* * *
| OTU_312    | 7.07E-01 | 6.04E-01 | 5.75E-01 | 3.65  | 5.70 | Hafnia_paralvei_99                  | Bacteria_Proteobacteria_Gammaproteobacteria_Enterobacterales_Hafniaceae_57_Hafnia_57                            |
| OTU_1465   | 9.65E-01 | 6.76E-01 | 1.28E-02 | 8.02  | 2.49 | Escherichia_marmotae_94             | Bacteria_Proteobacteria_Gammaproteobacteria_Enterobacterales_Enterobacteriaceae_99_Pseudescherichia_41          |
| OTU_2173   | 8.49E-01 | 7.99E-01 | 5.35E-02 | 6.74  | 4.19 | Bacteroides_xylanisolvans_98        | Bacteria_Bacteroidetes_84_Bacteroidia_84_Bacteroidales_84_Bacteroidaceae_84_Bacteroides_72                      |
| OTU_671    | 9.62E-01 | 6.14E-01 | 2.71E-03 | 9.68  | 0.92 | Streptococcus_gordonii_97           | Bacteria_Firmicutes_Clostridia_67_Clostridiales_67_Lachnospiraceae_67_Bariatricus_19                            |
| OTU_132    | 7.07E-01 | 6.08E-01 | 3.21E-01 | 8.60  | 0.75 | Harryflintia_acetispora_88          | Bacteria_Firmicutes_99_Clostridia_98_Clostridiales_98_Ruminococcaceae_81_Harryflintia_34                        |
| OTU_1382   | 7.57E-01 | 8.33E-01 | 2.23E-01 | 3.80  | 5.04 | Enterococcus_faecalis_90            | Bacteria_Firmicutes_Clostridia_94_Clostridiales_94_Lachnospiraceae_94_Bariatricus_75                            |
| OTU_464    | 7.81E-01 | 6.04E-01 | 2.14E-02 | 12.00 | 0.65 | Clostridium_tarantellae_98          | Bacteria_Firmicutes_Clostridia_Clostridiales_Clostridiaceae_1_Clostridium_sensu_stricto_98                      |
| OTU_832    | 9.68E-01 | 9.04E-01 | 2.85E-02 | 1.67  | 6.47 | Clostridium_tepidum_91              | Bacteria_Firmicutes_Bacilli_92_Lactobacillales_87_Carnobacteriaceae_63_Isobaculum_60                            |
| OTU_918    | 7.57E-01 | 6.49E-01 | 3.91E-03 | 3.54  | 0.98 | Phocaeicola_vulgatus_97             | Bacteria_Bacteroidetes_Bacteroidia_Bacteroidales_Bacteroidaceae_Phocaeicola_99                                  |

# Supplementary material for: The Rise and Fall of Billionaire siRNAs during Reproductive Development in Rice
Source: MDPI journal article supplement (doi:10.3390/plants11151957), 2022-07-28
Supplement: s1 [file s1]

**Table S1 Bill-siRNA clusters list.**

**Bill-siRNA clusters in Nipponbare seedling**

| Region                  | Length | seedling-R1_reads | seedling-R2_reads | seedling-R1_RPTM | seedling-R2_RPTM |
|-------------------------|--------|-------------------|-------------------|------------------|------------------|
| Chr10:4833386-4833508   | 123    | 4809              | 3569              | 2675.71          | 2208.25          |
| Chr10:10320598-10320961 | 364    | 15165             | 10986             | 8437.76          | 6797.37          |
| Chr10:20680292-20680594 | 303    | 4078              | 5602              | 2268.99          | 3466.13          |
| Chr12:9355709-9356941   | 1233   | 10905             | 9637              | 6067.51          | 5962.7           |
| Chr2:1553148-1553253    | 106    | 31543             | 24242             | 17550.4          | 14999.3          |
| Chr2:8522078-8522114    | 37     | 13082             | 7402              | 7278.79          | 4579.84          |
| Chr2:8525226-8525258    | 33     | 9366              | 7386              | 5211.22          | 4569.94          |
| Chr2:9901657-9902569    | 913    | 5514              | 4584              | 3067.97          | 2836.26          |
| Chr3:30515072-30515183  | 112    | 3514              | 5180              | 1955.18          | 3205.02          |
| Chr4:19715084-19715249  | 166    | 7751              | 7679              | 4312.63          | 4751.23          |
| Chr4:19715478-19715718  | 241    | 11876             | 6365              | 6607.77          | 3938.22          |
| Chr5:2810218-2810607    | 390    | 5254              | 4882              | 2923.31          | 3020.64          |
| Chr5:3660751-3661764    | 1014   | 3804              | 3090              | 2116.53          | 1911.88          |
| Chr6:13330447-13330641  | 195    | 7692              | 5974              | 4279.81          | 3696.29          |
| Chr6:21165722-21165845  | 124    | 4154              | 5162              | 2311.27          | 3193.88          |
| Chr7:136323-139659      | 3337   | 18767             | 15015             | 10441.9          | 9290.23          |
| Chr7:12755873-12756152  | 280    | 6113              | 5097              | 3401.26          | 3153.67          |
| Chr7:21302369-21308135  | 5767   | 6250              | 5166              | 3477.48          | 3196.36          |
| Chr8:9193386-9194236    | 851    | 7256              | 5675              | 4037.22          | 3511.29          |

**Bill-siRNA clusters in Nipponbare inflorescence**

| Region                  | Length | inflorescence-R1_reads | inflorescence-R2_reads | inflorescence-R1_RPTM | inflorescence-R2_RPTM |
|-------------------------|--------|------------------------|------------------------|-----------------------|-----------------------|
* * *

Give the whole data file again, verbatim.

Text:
| OTU_312    | 7.07E-01 | 6.04E-01 | 5.75E-01 | 3.65  | 5.70 | Hafnia_paralvei_99                  | Bacteria_Proteobacteria_Gammaproteobacteria_Enterobacterales_Hafniaceae_57_Hafnia_57                            |
| OTU_1465   | 9.65E-01 | 6.76E-01 | 1.28E-02 | 8.02  | 2.49 | Escherichia_marmotae_94             | Bacteria_Proteobacteria_Gammaproteobacteria_Enterobacterales_Enterobacteriaceae_99_Pseudescherichia_41          |
| OTU_2173   | 8.49E-01 | 7.99E-01 | 5.35E-02 | 6.74  | 4.19 | Bacteroides_xylanisolvans_98        | Bacteria_Bacteroidetes_84_Bacteroidia_84_Bacteroidales_84_Bacteroidaceae_84_Bacteroides_72                      |
| OTU_671    | 9.62E-01 | 6.14E-01 | 2.71E-03 | 9.68  | 0.92 | Streptococcus_gordonii_97           | Bacteria_Firmicutes_Clostridia_67_Clostridiales_67_Lachnospiraceae_67_Bariatricus_19                            |
| OTU_132    | 7.07E-01 | 6.08E-01 | 3.21E-01 | 8.60  | 0.75 | Harryflintia_acetispora_88          | Bacteria_Firmicutes_99_Clostridia_98_Clostridiales_98_Ruminococcaceae_81_Harryflintia_34                        |
| OTU_1382   | 7.57E-01 | 8.33E-01 | 2.23E-01 | 3.80  | 5.04 | Enterococcus_faecalis_90            | Bacteria_Firmicutes_Clostridia_94_Clostridiales_94_Lachnospiraceae_94_Bariatricus_75                            |
| OTU_464    | 7.81E-01 | 6.04E-01 | 2.14E-02 | 12.00 | 0.65 | Clostridium_tarantellae_98          | Bacteria_Firmicutes_Clostridia_Clostridiales_Clostridiaceae_1_Clostridium_sensu_stricto_98                      |
| OTU_832    | 9.68E-01 | 9.04E-01 | 2.85E-02 | 1.67  | 6.47 | Clostridium_tepidum_91              | Bacteria_Firmicutes_Bacilli_92_Lactobacillales_87_Carnobacteriaceae_63_Isobaculum_60                            |
| OTU_918    | 7.57E-01 | 6.49E-01 | 3.91E-03 | 3.54  | 0.98 | Phocaeicola_vulgatus_97             | Bacteria_Bacteroidetes_Bacteroidia_Bacteroidales_Bacteroidaceae_Phocaeicola_99                                  |

# Supplementary material for: The Rise and Fall of Billionaire siRNAs during Reproductive Development in Rice
Source: MDPI journal article supplement (doi:10.3390/plants11151957), 2022-07-28
Supplement: s1 [file s1]

**Table S1 Bill-siRNA clusters list.**

**Bill-siRNA clusters in Nipponbare seedling**

| Region                  | Length | seedling-R1_reads | seedling-R2_reads | seedling-R1_RPTM | seedling-R2_RPTM |
|-------------------------|--------|-------------------|-------------------|------------------|------------------|
| Chr10:4833386-4833508   | 123    | 4809              | 3569              | 2675.71          | 2208.25          |
| Chr10:10320598-10320961 | 364    | 15165             | 10986             | 8437.76          | 6797.37          |
| Chr10:20680292-20680594 | 303    | 4078              | 5602              | 2268.99          | 3466.13          |
| Chr12:9355709-9356941   | 1233   | 10905             | 9637              | 6067.51          | 5962.7           |
| Chr2:1553148-1553253    | 106    | 31543             | 24242             | 17550.4          | 14999.3          |
| Chr2:8522078-8522114    | 37     | 13082             | 7402              | 7278.79          | 4579.84          |
| Chr2:8525226-8525258    | 33     | 9366              | 7386              | 5211.22          | 4569.94          |
| Chr2:9901657-9902569    | 913    | 5514              | 4584              | 3067.97          | 2836.26          |
| Chr3:30515072-30515183  | 112    | 3514              | 5180              | 1955.18          | 3205.02          |
| Chr4:19715084-19715249  | 166    | 7751              | 7679              | 4312.63          | 4751.23          |
| Chr4:19715478-19715718  | 241    | 11876             | 6365              | 6607.77          | 3938.22          |
| Chr5:2810218-2810607    | 390    | 5254              | 4882              | 2923.31          | 3020.64          |
| Chr5:3660751-3661764    | 1014   | 3804              | 3090              | 2116.53          | 1911.88          |
| Chr6:13330447-13330641  | 195    | 7692              | 5974              | 4279.81          | 3696.29          |
| Chr6:21165722-21165845  | 124    | 4154              | 5162              | 2311.27          | 3193.88          |
| Chr7:136323-139659      | 3337   | 18767             | 15015             | 10441.9          | 9290.23          |
| Chr7:12755873-12756152  | 280    | 6113              | 5097              | 3401.26          | 3153.67          |
| Chr7:21302369-21308135  | 5767   | 6250              | 5166              | 3477.48          | 3196.36          |
| Chr8:9193386-9194236    | 851    | 7256              | 5675              | 4037.22          | 3511.29          |

**Bill-siRNA clusters in Nipponbare inflorescence**

| Region                  | Length | inflorescence-R1_reads | inflorescence-R2_reads | inflorescence-R1_RPTM | inflorescence-R2_RPTM |
|-------------------------|--------|------------------------|------------------------|-----------------------|-----------------------|